Let's say I have a function, named StripWhitespace.

I can run it on a single file by opening the file and running :StripWhitespace.

How can I automatically run that function against a folder of files, and save the results as I go along?


2 Answers 2


You can use the -c argument to run a command on startup, from vim(1):

   -c {command}
               {command} will be executed after the first  file  has  been
               read.   {command}  is interpreted as an Ex command.  If the
               {command} contains spaces it must  be  enclosed  in  double
               quotes  (this depends on the shell that is used).  Example:
               Vim "+set si" main.c
               Note: You can use up to 10 "+" or "-c" commands.


vim -c ':call StripWhitespace()' file1 file2

To quit afterwards, add | :wqa:

vim -c ':call StripWhitespace() | :wqa' file1 file2
  • 1
    You want an :argdo, if you run this for a couple of files on the commandline Mar 3, 2015 at 17:29

If you are already in Vim, you can use the :argdo or :bufdo commands to execute a command on every item in the argument list or buffer list, respectively.

e.g. to run a : command on every file in the argument list:

:argdo StripWhitespace

Or to invoke a function from every file in the buffer list:

:bufdo call StripWhitespace()

Or to run macro q on every file in the arguments list:

:argdo normal @q

You can then save all changed buffers with :wall, or save all and quit Vim with :wqall.

If you want to write the files as you go along, you can add in a call to :update, like so:

:argdo s/foo/bar/ge | update

There are various ways you can get the files into Vim in the first place, including:

  • Supply parameters to the vim command line: vim * (this adds all the files to the argument list),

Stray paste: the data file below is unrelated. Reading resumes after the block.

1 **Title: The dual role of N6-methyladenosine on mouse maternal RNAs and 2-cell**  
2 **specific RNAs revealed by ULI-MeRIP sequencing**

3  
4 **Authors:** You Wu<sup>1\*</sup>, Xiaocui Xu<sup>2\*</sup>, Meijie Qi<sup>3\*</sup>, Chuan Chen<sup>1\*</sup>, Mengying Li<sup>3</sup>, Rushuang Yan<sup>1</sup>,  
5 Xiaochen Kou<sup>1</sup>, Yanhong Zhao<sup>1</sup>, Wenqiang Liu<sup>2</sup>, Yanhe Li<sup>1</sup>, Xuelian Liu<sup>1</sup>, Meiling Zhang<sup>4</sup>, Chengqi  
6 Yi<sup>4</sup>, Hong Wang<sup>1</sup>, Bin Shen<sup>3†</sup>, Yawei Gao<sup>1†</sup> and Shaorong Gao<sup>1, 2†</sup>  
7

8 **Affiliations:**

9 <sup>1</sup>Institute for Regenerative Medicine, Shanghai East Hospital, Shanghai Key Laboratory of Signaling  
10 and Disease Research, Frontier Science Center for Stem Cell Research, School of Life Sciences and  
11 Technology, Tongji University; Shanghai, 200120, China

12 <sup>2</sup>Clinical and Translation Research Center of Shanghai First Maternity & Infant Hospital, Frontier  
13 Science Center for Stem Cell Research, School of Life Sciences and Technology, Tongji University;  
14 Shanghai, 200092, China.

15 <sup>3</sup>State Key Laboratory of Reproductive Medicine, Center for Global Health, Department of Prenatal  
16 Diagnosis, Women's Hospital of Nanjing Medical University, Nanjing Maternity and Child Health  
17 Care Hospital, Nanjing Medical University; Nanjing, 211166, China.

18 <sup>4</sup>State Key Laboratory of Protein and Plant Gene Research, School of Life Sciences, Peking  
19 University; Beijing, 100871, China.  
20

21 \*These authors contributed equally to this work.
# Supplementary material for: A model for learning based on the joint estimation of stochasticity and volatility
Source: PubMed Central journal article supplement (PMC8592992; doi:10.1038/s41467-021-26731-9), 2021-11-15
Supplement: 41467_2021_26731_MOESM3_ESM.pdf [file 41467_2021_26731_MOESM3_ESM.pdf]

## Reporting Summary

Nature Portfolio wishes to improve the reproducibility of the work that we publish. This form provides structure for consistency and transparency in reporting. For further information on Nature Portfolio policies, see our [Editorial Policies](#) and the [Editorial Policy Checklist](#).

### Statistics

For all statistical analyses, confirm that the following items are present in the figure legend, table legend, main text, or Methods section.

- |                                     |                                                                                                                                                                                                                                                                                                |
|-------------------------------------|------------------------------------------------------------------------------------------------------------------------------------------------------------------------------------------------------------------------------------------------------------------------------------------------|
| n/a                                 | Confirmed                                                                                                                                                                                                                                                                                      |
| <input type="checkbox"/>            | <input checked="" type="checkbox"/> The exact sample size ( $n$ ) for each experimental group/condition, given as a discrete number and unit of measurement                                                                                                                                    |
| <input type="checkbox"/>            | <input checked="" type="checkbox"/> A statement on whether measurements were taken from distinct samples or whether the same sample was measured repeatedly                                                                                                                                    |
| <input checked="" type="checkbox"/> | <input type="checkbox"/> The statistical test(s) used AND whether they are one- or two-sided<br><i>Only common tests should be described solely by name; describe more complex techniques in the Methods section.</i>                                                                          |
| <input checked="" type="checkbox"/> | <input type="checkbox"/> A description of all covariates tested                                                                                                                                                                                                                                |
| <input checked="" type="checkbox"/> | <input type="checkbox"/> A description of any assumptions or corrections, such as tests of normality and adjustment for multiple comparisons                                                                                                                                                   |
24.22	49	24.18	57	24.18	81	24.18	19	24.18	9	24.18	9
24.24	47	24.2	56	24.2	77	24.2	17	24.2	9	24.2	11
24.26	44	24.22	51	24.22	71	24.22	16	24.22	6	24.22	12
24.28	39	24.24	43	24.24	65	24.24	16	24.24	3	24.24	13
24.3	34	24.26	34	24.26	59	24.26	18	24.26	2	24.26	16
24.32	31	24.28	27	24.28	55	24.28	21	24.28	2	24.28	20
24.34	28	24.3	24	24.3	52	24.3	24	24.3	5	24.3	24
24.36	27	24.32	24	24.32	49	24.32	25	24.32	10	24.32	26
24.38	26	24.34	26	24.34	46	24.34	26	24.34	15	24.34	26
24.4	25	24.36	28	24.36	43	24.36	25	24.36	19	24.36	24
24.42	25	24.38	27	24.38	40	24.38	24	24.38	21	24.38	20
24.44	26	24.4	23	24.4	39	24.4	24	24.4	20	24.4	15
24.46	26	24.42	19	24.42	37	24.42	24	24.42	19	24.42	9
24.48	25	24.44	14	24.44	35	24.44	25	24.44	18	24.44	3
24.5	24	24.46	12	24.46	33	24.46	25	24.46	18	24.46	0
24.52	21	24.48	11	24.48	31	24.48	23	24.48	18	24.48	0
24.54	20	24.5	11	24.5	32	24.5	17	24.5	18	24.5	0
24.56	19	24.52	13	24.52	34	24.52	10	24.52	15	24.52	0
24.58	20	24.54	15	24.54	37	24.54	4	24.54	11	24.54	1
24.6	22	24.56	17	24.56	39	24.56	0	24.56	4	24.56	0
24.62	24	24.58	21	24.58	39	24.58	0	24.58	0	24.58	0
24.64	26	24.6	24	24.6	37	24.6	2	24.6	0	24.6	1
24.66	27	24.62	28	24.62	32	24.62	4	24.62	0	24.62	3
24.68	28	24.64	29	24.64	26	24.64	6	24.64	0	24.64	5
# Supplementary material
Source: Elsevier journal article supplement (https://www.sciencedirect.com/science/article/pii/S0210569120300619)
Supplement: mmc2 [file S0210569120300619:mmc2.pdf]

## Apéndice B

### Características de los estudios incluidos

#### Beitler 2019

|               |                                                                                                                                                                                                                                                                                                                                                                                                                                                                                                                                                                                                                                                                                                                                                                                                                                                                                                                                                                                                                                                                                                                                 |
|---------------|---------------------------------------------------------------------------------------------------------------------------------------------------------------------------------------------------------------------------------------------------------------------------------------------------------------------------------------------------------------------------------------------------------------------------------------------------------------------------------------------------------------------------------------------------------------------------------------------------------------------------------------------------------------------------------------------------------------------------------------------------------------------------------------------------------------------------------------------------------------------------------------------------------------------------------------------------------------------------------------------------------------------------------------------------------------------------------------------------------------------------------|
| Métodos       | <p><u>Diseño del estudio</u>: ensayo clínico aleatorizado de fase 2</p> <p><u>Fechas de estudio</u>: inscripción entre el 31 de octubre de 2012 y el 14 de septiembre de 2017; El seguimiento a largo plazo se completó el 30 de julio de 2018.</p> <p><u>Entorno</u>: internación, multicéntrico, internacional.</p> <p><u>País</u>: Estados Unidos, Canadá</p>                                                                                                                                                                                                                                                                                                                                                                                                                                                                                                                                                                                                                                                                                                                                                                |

• Use the :args command (which supports wildcards and backtick expressions) to populate the argument list, or the :argadd command to add files to it,
  • Just open them all manually with :e, :Ex, or a file-opening plugin.
  • 2
    I like this answer because it doesn't require leaving Vim, which in my opinion is too expensive (my precious buffer list!). I have some notes: (1) leaving buffers without writing requires 'hidden' to be set; (2) the : update command is a slight improvement over :w because it only writes if a change has been made, so :bufdo update or :argdo update will write all modified buffers or arguments.
    – tommcdo
    Feb 12, 2015 at 11:10
  • Good point on update. I considered mentioning hidden when I was writing the answer, but decided against it because I didn't want to overcomplicate it. On reflection though, it should be in there. I'll update the answer to include both suggestions presently.
    – Rich
    Feb 12, 2015 at 11:18
  • @tommcdo Just checked the documentation for :wall, and it only writes changed buffers, so :bufdo update is not necessary after all.
    – Rich
    Feb 12, 2015 at 11:20
  • good catch regarding :wall, which also has the advantage of not cycling through buffers and moving you away from where you started. I suppose :argdo update is still a different story -- maybe you don't want to write to buffers that are not in your argument list.
    – tommcdo
    Feb 12, 2015 at 11:44
  • @tommcdo Good point.
    – Rich
    Feb 12, 2015 at 11:45

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